Thursday, September 8, 2011

Residents Track Loss Of StopThePower Domain Name

By Lisa E. Crowley
BROCKTON—A battle between a grassroots group and the company that has proposed constructing a 350-megawatt power plant in Brockton has moved into a new arena: Cyberspace.
Leaders of Stop The Power--a group of residents from Brockton and the Bridgewaters-- are awaiting Brockton Power-Advanced Power’s promise to give back the group’s once-held internet domain name,—a website name Advanced Power bought about 8 months after the grassroots group had an internal fight which required Stop The Power reregister its domain name as

Eddie Byers, one of the leaders of Stop The Power, said while his group believes it was one of their own working against them who initially caused the domain name snafu, he does not understand why Advanced Power would have bothered to purchase the group’s original website name, and wonders how—and most notably who—informed the company there was a problem when the group tried to renew the name.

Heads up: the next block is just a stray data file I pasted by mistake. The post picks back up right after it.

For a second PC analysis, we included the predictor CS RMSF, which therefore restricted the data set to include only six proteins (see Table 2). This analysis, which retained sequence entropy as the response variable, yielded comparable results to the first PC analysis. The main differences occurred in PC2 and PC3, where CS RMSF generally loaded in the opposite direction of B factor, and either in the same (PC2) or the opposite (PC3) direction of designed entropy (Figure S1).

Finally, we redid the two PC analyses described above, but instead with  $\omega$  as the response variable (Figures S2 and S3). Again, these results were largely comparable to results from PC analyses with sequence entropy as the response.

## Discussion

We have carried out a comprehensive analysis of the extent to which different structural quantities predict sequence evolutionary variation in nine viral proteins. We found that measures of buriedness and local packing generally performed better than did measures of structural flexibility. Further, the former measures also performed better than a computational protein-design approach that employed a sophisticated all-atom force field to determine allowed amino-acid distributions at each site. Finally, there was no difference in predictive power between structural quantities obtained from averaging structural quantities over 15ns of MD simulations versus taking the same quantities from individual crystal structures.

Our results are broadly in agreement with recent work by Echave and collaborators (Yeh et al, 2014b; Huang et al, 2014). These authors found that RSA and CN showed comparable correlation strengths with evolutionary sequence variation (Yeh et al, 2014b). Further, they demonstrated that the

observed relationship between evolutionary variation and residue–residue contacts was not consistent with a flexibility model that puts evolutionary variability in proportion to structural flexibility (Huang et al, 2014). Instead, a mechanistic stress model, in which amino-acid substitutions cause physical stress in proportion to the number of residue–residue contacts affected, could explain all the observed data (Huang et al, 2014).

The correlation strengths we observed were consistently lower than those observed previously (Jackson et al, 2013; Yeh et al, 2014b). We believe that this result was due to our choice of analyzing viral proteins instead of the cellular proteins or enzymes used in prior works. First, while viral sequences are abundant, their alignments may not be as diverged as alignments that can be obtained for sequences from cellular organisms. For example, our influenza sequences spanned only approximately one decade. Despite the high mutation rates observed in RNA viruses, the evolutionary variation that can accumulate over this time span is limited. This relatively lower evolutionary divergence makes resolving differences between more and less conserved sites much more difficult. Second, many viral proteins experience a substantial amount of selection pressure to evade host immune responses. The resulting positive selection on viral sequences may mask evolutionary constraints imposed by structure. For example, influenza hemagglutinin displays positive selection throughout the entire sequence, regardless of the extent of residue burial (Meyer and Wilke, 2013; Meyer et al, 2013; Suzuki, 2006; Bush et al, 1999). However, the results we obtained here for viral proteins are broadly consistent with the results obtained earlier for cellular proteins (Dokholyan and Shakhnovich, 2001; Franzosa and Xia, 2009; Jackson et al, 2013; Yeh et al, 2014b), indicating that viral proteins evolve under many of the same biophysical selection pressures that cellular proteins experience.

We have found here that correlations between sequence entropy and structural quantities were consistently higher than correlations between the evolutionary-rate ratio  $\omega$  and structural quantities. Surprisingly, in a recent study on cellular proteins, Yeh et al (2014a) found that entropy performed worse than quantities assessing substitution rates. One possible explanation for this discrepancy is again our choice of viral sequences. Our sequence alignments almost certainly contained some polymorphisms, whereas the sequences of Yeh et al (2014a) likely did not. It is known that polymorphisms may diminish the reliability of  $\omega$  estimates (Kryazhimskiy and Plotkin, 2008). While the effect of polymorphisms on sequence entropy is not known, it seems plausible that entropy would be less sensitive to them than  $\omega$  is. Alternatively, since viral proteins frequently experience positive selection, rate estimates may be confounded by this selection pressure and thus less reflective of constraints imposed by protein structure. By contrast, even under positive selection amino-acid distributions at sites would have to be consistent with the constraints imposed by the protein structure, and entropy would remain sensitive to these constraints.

“Why would they buy it? How did they find out it was available,” Byers asked several times during a recent interview.
He said it seems the company is using its might in every way against a grassroots group with very little money except what Byers himself provides, and residents who have jobs and lives to attend to.
“They get paid to do this—we’re a group of residents with jobs and lives,” Byers said. “What does that say about them,” he said.